How researchers want to obtain vaccines against corona from tobacco plants

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Only mRNA and vector virus vaccines for protection against COVID-19 are currently on the market in Europe. Protein-based vaccines are to be added in the coming months, although their effectiveness has yet to be proven. The previous manufacturing processes are complex. The mRNA technology requires highly specialized nanolipid particles and the vector virus process requires that harmless adenoviruses can be grown and their DNA exchanged.

The pharmaceutical companies Medicago and GlaxoSmithKline (GSK) now want to produce a new corona vaccine with the help of plants – specifically with Nicotiana benthamiana, a tobacco-like plant that is actually native to Australia. The project is being researched with McGill University.

Called CoVLP, the vaccine can be easily extracted from the leaves after the plant has grown. Before that, the researchers use a bacterium (Agrobacterium tumefaciens) to transfer genes from the spike glycoprotein of SARS-CoV-2 into the plant, which then forms it in its cells.

The advantage of the technique is that it could potentially deliver large amounts of vaccine. CoVLP is a so-called virus-like particle vaccine, which together with an adjuvant, i.e. an auxiliary substance, is supposed to stimulate the immune defense against COVID-19. In a currently ongoing phase 1 study, however, it is also being tested whether the vaccine alone is sufficient or whether two adjuvants are required. The vaccine should be easy to handle and can be stored at 2 to 8 degrees plus temperature without it becoming unusable.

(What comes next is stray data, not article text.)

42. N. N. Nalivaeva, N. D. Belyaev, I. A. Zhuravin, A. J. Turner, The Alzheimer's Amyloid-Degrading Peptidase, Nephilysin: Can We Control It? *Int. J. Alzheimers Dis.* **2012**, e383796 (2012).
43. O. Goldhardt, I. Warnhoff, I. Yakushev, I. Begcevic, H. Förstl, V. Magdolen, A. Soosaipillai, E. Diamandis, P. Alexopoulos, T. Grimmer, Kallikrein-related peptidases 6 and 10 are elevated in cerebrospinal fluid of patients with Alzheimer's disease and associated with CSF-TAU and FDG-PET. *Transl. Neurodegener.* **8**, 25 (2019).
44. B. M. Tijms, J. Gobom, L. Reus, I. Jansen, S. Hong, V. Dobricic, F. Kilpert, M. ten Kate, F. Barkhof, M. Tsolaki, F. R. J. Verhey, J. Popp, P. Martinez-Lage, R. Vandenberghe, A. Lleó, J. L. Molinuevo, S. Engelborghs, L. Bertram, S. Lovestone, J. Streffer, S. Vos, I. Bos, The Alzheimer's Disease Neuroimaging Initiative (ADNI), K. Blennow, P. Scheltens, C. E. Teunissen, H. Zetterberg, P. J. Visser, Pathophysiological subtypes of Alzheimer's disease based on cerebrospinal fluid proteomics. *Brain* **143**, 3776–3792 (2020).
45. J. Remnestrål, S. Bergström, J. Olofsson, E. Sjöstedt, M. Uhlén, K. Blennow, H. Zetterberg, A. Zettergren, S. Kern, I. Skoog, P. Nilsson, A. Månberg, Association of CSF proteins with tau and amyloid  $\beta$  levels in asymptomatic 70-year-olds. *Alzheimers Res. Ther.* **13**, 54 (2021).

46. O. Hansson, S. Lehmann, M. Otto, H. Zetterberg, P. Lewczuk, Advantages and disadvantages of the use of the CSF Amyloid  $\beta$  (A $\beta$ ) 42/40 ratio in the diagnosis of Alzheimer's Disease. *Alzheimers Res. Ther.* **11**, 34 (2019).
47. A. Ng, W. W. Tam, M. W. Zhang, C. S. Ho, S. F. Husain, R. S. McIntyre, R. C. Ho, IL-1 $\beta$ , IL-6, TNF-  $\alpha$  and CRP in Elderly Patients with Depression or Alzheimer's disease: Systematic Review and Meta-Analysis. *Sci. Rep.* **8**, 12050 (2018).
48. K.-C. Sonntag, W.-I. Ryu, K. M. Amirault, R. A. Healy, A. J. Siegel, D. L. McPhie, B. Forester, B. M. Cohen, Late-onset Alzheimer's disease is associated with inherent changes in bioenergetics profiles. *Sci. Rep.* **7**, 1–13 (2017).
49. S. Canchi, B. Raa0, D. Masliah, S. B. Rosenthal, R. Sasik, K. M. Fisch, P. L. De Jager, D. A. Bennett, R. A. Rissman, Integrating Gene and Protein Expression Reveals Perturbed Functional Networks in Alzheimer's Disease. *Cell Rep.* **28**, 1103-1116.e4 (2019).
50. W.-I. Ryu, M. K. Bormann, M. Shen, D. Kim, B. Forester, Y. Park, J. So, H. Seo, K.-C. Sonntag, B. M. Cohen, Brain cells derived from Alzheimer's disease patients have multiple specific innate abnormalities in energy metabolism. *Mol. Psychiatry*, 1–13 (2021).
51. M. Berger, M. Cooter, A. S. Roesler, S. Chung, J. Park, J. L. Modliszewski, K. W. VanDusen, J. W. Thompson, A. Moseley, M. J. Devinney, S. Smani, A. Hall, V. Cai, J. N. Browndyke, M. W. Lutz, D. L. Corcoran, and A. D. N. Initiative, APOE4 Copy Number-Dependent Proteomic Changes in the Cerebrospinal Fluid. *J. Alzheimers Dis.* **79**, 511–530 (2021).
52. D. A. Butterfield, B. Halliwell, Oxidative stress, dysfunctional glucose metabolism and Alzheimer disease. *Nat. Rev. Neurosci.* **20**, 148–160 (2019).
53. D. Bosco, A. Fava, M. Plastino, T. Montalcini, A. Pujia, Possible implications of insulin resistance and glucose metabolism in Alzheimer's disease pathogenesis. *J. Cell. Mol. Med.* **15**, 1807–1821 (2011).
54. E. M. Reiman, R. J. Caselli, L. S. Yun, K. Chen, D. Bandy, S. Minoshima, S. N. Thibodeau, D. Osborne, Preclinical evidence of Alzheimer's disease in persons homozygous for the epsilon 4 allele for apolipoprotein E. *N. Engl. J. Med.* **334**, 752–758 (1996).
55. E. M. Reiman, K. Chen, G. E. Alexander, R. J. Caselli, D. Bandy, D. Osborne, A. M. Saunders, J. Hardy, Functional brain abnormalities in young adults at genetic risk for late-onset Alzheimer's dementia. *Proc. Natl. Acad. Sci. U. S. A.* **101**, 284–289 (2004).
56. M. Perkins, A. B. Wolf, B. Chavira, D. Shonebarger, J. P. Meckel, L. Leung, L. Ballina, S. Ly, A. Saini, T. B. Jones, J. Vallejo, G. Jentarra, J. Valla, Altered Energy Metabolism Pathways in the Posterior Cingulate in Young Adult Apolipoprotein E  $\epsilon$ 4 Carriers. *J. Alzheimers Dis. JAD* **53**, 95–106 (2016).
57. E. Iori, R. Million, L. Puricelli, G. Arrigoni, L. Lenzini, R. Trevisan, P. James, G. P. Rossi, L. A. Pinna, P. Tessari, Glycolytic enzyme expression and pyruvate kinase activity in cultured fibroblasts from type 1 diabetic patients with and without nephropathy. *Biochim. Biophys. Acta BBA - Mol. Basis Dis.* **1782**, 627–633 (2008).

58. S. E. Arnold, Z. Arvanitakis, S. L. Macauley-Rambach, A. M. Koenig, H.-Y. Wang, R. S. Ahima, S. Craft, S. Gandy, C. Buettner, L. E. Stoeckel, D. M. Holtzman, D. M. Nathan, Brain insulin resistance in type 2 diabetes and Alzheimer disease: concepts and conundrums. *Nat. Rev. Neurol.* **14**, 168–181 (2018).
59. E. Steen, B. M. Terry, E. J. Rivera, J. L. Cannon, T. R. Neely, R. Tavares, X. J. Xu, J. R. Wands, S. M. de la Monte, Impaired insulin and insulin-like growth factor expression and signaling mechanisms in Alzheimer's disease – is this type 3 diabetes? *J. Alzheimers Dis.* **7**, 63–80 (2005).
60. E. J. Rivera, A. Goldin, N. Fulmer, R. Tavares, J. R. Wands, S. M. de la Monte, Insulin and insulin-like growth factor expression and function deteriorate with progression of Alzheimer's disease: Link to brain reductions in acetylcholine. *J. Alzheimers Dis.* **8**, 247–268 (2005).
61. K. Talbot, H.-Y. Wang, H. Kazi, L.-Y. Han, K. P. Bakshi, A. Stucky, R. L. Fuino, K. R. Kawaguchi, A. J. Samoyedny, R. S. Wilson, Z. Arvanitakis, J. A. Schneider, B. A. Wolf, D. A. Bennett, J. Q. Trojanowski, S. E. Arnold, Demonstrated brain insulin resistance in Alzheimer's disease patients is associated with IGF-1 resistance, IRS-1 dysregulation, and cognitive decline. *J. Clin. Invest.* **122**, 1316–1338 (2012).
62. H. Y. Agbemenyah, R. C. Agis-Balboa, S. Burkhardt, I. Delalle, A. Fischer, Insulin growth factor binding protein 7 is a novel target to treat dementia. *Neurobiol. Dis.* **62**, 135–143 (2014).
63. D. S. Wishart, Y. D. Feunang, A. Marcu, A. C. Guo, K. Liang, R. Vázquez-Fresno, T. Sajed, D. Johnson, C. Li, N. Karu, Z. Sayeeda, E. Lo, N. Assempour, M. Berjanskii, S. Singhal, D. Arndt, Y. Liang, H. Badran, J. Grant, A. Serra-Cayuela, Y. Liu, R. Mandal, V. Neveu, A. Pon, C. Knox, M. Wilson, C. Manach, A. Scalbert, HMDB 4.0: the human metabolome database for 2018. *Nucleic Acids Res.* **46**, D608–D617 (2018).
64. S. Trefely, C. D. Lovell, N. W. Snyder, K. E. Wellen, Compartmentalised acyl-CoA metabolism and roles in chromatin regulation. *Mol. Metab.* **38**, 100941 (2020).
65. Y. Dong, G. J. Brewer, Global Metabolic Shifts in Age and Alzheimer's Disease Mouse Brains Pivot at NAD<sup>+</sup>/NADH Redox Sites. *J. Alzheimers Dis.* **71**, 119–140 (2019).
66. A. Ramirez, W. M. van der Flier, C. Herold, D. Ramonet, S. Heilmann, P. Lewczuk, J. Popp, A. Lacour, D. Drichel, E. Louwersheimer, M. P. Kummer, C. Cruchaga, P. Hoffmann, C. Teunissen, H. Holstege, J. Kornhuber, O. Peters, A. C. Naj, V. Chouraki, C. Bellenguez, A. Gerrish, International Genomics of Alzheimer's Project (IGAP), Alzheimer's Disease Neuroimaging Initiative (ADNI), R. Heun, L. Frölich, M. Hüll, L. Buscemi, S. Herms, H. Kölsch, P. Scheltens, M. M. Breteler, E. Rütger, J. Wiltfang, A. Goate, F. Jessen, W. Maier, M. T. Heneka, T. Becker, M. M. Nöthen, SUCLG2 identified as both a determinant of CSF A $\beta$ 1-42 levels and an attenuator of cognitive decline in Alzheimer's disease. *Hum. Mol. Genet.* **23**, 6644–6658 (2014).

More from MIT Technology Review

More from MIT Technology Review

More from MIT Technology Review

The ongoing study by Medicago and GSK in Canada on subjects between the ages of 18 and 55 (180 people, divided into nine groups) showed mild to moderate side effects, such as those from AstraZeneca. The use of the adjuvants in particular showed good formation of neutralizing antibodies. The titer was ten times as high as in the serum of people who had already survived COVID-19 disease. They were vaccinated twice each time – at an interval of 21 days. According to the in Nature Medicine published study, the results are so good that they could be commercialized if all safety criteria are adhered to.


(bsc)

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